Tag Archives: mac

I didn’t go to C4

C4 was last weekend and looked like a lot of fun. Unfortunately I was about travelled-out this year with RailsConf and WWDC. Perhaps next time.

Daniel Jalkut was the first I saw with nice write-up. He provides “a speed-through of sessions”:http://www.red-sweater.com/blog/213/c4-abridged and closes with what is probably the biggest draw for attendees:

“As inspiring and as much fun as the scheduled speakers were, the unstructured social time both between sessions and in the evenings were just as much fun, and probably just as educational.”

I subscribe to a couple dozen Mac developer blogs, and keeping an eye on Flickr and Technorati tags for C4 is another great way to see what developers are up to. Mr. Rentzsch himself has a “set of links here”:http://rentzsch.com/c4/zeroLinkage, and Mike Zornek just posted some “short videos of the room”:http://clickablebliss.com/blog/2006/10/25/c4_photos_and_movies/ that give another view of the show.

When I go back through my older Mac programming posts, I’m reminded that I don’t really blog about Mac development as much as I used to. Perhaps that is because there are so many other good Mac guys blogging now.


I write Mac software, but over the last year I’ve increasingly been building Ruby on Rails web apps as well. Today I finally took a look at “RubyCocoa”:http://www.rubycocoa.com/. I wanted to whip up a quick Cocoa app that would involve some text parsing, and a dynamic scripting language like Ruby is a much better fit for text processing than C, C++, or Objective-C.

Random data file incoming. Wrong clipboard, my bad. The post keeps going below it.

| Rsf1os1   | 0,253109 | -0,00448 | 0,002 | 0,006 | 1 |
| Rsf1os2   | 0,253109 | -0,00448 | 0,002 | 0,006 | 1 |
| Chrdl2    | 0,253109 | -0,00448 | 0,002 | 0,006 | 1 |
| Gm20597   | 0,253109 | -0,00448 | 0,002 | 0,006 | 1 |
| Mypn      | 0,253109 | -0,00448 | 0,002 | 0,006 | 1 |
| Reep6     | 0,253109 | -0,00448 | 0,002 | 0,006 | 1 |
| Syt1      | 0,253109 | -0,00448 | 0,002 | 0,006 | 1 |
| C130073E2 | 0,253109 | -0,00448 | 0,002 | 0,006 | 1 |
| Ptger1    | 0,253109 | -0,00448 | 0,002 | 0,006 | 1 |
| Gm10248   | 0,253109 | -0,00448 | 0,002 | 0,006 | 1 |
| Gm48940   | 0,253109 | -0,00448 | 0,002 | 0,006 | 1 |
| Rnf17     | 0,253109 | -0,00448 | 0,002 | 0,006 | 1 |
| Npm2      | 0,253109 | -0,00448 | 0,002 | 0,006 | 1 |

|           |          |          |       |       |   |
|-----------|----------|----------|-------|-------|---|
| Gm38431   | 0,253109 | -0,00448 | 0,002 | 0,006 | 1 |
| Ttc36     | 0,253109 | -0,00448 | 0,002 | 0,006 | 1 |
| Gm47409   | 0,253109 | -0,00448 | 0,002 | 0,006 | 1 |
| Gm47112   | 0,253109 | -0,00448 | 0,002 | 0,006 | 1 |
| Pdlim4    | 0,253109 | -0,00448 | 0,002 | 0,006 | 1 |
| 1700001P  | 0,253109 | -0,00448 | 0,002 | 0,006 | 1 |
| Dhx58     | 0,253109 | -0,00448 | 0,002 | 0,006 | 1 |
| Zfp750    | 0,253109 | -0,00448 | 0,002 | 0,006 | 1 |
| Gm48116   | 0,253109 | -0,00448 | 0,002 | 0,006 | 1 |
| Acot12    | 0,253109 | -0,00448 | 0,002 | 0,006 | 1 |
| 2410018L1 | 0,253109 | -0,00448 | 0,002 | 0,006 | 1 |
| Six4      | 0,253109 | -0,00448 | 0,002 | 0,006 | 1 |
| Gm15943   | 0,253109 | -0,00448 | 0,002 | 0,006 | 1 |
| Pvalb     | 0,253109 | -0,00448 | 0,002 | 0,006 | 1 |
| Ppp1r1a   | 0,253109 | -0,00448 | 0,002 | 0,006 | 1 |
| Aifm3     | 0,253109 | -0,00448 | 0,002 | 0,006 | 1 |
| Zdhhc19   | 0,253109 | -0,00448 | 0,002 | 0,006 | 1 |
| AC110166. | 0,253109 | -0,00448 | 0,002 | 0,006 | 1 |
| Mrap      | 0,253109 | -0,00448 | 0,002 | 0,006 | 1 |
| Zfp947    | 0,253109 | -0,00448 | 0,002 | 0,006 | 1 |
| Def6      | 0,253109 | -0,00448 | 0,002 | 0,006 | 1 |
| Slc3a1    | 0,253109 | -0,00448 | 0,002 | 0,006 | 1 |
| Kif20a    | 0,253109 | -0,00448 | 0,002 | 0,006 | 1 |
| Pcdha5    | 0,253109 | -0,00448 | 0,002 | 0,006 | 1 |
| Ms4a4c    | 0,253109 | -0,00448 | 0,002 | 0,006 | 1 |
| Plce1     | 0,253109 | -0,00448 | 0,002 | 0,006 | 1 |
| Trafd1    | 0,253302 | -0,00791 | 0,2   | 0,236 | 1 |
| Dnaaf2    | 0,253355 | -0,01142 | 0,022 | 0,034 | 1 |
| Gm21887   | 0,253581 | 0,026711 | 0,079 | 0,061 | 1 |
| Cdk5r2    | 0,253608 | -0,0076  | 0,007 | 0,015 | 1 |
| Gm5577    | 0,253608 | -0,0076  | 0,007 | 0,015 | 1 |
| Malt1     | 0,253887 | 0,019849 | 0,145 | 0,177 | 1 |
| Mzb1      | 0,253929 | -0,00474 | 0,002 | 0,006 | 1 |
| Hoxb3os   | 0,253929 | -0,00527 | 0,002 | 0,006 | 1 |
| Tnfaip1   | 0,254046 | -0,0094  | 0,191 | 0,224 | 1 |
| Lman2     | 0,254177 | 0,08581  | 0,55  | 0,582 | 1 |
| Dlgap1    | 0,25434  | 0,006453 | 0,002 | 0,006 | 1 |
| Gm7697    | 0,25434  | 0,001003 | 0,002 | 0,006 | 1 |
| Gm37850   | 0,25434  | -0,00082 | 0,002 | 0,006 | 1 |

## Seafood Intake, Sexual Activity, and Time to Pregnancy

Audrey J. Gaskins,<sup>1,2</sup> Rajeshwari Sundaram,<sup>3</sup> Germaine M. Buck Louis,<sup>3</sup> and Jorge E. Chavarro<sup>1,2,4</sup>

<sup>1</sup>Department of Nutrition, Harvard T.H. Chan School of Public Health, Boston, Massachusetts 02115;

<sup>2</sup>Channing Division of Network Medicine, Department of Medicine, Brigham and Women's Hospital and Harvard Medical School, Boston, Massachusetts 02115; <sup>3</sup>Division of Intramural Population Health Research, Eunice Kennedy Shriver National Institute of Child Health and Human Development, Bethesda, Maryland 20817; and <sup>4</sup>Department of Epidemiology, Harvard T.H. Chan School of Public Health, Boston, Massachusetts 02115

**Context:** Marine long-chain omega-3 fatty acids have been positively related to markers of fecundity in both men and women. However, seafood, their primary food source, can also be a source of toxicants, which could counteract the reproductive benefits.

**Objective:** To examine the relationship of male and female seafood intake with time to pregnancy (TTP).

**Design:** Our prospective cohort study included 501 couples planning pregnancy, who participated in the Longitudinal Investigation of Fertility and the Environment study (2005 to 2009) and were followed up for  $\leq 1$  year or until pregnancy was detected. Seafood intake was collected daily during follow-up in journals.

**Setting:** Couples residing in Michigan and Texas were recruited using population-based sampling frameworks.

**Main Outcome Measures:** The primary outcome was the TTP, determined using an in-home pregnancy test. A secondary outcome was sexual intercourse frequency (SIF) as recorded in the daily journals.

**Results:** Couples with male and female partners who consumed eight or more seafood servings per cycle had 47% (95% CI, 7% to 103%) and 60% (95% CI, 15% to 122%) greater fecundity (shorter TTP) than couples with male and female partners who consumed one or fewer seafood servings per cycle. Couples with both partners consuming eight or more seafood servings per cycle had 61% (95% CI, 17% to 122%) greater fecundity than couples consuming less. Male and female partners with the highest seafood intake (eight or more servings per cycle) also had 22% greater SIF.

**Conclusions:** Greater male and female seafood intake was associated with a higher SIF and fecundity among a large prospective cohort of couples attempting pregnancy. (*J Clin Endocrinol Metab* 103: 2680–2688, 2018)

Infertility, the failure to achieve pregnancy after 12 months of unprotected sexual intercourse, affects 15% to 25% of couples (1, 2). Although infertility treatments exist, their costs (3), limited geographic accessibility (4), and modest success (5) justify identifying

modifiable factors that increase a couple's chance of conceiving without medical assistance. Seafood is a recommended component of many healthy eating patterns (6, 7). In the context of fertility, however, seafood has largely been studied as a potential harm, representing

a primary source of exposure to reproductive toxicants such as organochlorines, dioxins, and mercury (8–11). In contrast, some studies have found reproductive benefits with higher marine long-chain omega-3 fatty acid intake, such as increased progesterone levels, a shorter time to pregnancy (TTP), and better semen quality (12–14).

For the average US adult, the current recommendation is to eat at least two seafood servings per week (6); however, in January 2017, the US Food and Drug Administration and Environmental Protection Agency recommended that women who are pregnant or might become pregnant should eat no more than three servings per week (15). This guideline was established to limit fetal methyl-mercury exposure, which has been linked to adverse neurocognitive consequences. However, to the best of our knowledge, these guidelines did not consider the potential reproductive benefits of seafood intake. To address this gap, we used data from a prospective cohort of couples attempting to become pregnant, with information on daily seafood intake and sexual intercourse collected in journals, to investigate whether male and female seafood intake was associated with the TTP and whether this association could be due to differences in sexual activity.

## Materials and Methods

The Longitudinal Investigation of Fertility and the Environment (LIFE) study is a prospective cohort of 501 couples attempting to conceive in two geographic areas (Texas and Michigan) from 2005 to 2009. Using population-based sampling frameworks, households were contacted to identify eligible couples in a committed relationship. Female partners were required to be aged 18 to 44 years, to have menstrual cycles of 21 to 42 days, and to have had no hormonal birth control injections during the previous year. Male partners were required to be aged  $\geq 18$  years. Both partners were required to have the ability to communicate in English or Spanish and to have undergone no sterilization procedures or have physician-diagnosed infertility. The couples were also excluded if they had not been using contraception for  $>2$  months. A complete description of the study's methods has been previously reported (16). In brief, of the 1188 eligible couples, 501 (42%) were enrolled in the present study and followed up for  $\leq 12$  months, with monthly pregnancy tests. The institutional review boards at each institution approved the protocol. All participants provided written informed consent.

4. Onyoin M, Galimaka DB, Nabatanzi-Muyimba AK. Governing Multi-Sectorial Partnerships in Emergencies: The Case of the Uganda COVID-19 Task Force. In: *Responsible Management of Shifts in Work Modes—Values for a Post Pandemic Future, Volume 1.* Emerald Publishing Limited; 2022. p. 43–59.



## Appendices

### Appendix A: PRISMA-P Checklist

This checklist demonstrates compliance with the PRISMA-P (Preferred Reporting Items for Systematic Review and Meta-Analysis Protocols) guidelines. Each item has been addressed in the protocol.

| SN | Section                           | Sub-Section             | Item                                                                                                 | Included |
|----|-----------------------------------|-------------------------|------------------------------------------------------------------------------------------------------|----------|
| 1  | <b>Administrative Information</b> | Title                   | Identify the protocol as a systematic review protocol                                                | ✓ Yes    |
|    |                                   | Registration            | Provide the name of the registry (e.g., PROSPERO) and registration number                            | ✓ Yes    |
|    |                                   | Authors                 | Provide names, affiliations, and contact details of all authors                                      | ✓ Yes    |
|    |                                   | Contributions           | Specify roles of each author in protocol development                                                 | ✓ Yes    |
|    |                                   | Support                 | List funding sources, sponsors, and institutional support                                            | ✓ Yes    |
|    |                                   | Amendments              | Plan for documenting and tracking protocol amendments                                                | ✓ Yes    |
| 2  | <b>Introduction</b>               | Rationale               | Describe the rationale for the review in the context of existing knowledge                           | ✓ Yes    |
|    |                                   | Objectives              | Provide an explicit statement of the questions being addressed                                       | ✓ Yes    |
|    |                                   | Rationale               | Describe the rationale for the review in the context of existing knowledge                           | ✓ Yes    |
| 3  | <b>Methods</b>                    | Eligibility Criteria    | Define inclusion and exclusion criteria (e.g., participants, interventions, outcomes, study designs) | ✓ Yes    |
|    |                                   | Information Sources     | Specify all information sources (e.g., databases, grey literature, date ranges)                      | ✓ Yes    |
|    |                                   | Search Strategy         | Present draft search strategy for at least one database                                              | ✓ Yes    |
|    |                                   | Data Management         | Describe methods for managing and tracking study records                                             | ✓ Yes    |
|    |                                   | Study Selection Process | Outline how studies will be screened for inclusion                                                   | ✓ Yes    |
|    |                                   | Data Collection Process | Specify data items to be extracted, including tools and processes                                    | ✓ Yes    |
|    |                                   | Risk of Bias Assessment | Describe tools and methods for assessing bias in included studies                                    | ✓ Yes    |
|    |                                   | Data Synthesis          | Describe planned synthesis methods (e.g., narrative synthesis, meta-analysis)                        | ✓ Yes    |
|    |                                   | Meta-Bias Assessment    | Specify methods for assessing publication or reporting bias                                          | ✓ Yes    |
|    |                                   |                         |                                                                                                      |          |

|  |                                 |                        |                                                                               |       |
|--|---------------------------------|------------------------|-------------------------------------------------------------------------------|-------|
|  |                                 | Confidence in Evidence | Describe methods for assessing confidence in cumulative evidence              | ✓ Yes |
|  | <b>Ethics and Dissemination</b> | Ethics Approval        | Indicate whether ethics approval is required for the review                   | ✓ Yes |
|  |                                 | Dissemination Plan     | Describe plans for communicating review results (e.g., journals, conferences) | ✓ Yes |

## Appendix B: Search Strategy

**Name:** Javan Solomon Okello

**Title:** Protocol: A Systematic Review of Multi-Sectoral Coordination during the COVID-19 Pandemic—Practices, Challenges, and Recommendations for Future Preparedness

It turns out RubyCocoa works amazingly well. I have only scratched the surface with a small test app, but I was blown away by its ease-of-use, Xcode integration, example projects, and apparent maturity. You have full access to AppKit from Ruby-based controllers and views, and a single NIB file can even reference both Objective-C and Ruby classes. Fantastic stuff.

I don’t know if it’s ready for commercial software use yet. For distribution, I tested including the RubyCocoa.framework inside the application package and the app launches and runs correctly on a system without the full RubyCocoa install. There may be issues with requiring a recent version of Ruby, but otherwise it’s a fully native app.

My only disappointment was in the Objective-C calling conventions. There are two versions to choose from: a style using underscores to separate named values, and a slightly easier Ruby syntax using symbols and extra parameters. Here they are:


[my_window setFrame:r display:YES animate:YES]

Ruby Underscores:

my_window.setFrame_display_animate(r, true, true)

Ruby Symbols:

my_window.setFrame(r, :display, true, :animate, true)

In my opinion, a better approach would be to take advantage of Ruby’s trick of allowing the last parameter to be a hash supplied without the curly braces. This feels more readable to me and more closely matches the Objective-C equivalent.


my_window.setFrame(r, :display => true, :animate => true)

In any case, that’s a minor complaint and doesn’t take much away from the beauty of writing native Mac apps in Ruby.

Last week, Joel wrote about

Last week, Joel wrote about Mac software developers:

“There are very few conditions under which it is actually the right business decision to develop software for the Macintosh. Developing for the Mac is not a whole lot different than creating a web site that only works on Netscape.”

Of course he gets some things wrong and misses the point on others. Luckily the comments in his discussion forum provided a good balance to his argument. Even Dave Winer jumped into the game this morning, bringing his perspective as a long-time Apple developer who embraced Windows development while Apple was suffering from vision and profitability problems in the 90s.

And then there’s Brent Simmons: “Why I develop for Mac OS X.” There’s also some good stuff in the comments below the essay. The essence of his argument is simple: Windows programming is boring.